The Affordable Care Act (“Obamacare”) is now settled law.
It will be implemented. It will also have to be changed but not until after it is implemented and the required changes becomes obvious and unavoidable. We can all debate what those things will be (cost containment is on top of my list) but it doesn’t matter what we think will happen––time will tell.
There are and will be more lawsuits.
I wouldn’t waste a lot of time worrying about those. Anyone in the market will do better spending their time getting ready.
But, when will the Affordable Care Act (ACA) be implemented?
So far, only about 15 states say they want to implement health insurance exchanges. Some of those may not make the October 1, 2013 kick-off date.
Maybe now that it is clear the law will go forward, some of the conservative states who have said they would not build one will get into high gear rather than have the Obama administration do it for them. But they may not have enough time to be ready in less than eleven months.
The Obama administration says they will be ready on time with federal exchanges. But they have not been at all transparent about just what they have so far done and can get done in the eleven short months that remain.
Starting today, the big question is can the Obama administration really be ready or will the October 1 insurance exchange launch date have to be pushed back, at least in some states?
It’s time for some post-election transparency and honesty from the administration.
How will the Medicaid expansion of the ACA be implemented?
There are 27 states that challenged the ACA in the Supreme Court. Because of the Supreme Court ruling, they now have the option of refusing the Medicaid expansion.
The states with the most to gain––Texas and Florida––have their governors’ adamant they will not expand. My sense is there is going to be one hell of a debate in these reluctant states as the health care provider and advocate community put enormous pressure on these governors and their legislatures.
As I said in a previous post, I expect at least some of these reluctant Republican governors will be coming to Washington to do a deal with the Obama administration. Conservatives have wanted Medicaid block grants––give us the money and let us have the flexibility to more efficiently cover people. Here is their chance. The conservative governors now have the negotiating leverage to get the Obama administration to give them that flexibility.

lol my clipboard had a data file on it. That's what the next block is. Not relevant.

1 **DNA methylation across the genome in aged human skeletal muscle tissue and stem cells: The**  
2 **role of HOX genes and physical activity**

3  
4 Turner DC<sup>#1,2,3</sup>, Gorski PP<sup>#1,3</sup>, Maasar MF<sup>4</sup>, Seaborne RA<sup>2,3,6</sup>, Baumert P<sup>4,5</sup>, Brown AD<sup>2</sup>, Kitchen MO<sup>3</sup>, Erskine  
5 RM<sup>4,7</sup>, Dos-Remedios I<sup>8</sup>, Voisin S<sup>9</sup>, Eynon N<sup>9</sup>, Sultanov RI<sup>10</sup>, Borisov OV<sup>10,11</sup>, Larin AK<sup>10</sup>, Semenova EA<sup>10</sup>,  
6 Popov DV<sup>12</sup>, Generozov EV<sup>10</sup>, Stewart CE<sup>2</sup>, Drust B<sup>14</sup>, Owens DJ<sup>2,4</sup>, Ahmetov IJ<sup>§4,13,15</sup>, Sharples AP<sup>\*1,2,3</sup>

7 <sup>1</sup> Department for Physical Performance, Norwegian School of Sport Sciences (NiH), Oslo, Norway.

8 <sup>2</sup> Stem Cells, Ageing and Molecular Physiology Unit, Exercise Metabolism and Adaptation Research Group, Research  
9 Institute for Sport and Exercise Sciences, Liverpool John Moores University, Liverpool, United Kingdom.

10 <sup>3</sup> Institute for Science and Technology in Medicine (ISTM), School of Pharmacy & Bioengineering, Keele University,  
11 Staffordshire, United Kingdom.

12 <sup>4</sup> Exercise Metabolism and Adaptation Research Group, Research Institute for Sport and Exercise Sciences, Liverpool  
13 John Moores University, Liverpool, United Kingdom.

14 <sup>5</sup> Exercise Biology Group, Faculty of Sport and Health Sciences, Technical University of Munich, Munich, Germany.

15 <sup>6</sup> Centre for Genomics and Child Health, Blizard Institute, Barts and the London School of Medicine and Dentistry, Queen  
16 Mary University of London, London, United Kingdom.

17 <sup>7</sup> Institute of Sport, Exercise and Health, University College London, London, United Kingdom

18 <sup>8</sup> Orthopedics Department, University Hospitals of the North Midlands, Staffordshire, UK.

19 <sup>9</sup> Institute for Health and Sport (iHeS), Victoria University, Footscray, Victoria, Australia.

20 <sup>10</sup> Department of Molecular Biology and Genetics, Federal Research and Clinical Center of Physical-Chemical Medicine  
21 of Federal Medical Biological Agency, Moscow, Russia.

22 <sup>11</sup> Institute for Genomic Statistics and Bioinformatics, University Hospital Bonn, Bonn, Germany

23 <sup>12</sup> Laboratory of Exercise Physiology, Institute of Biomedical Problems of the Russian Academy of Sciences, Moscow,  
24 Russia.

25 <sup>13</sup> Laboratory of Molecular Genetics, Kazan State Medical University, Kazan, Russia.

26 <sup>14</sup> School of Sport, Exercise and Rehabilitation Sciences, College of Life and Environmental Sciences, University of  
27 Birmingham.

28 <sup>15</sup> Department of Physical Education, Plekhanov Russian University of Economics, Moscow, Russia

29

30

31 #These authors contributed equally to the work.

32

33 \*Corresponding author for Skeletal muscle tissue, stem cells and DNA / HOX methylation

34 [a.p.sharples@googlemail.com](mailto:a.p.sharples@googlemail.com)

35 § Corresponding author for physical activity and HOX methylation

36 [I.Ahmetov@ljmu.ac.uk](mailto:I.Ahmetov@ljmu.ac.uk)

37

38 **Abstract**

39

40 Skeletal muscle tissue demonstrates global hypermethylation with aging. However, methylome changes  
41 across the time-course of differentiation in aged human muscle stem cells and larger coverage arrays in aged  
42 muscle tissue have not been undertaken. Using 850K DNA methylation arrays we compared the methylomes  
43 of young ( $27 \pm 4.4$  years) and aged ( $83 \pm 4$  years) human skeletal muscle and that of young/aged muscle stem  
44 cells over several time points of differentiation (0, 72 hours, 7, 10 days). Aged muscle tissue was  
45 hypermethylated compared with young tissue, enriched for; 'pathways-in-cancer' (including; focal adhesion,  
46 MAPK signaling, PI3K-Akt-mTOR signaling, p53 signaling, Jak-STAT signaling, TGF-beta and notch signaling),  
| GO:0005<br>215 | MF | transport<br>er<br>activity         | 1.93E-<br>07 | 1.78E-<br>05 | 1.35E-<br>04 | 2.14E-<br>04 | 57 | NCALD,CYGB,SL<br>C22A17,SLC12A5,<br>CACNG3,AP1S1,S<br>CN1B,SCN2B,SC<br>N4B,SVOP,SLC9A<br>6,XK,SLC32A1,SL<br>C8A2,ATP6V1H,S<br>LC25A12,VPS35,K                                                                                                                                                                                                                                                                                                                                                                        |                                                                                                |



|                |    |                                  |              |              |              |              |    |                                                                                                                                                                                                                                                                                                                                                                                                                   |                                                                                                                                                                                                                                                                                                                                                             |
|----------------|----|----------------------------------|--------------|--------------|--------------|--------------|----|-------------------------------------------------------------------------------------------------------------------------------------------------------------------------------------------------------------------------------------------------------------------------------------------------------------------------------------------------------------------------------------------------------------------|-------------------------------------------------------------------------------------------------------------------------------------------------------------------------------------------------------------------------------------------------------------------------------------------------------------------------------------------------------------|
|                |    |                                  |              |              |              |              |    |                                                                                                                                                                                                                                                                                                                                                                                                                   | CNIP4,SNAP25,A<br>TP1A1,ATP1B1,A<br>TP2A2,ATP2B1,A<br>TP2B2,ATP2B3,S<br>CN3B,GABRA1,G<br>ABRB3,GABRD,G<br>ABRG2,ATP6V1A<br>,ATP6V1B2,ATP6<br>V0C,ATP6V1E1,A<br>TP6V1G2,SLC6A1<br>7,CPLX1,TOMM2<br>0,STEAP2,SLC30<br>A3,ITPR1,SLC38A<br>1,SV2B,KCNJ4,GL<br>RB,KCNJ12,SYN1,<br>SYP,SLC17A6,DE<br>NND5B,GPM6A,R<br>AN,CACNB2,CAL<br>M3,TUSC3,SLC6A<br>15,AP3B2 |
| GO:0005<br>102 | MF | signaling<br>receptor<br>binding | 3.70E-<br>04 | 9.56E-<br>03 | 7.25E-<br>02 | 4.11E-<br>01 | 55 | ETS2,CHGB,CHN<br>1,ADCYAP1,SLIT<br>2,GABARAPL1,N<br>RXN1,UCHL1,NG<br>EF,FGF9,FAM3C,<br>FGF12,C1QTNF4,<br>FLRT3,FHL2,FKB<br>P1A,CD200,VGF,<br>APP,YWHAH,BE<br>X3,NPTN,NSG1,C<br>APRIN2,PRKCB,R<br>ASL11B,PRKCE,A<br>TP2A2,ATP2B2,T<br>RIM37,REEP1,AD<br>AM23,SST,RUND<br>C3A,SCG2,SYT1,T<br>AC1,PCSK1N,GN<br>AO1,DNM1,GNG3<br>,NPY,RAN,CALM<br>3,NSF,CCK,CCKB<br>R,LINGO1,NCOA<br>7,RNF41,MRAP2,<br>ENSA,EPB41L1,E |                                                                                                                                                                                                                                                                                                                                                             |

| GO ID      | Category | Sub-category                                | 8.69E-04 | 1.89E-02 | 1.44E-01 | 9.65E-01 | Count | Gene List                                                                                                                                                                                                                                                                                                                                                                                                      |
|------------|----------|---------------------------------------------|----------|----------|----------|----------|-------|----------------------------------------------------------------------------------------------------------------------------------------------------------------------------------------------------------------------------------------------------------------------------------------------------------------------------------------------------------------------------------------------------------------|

How will the fiscal cliff be settled?
We will have virtually the same Congress and, certainly, the same President come January.
The election did not force a change in the deadlocked environment here in Washington. But we have to settle the fiscal cliff issues. If we do not the consequences––economic, markets, defense, safety net––will be devastating.
We will settle this fiscal cliff problem because there is no other choice. About everyone agrees there will be a solution. A “grand bargain” will have to include health care entitlement changes and tax increases. But Democrats are now saying to Obama you can’t touch the entitlements because you promised us in the election you wouldn’t and now you owe us for your reelection.
Republicans, House Republicans in particular, are saying they have no intention of raising taxes.
The January 1, 2013 fiscal cliff issues include automatic cuts to provider payments in Medicare under the sequestration debt deal and the automatic Sustainable Growth Rate (SGR) 27% fee cut to Medicare doctors. Look for this Congress to temporarily put off the January 1 cuts and tax increases and to punt to the next one on a comprehensive fix because the lame duck Congress will only be in session for about a month. That is just not enough time to do the extraordinary work they will have to do to come to an agreement.
Robert Laszewski has been a fixture in Washington health policy circles for the better part of three decades. He currently serves as the president of Health Policy and Strategy Associates of Alexandria, Virginia. You can read more of his thoughtful analysis of healthcare industry trends at The Health Policy and Marketplace Blog, where this post first appeared.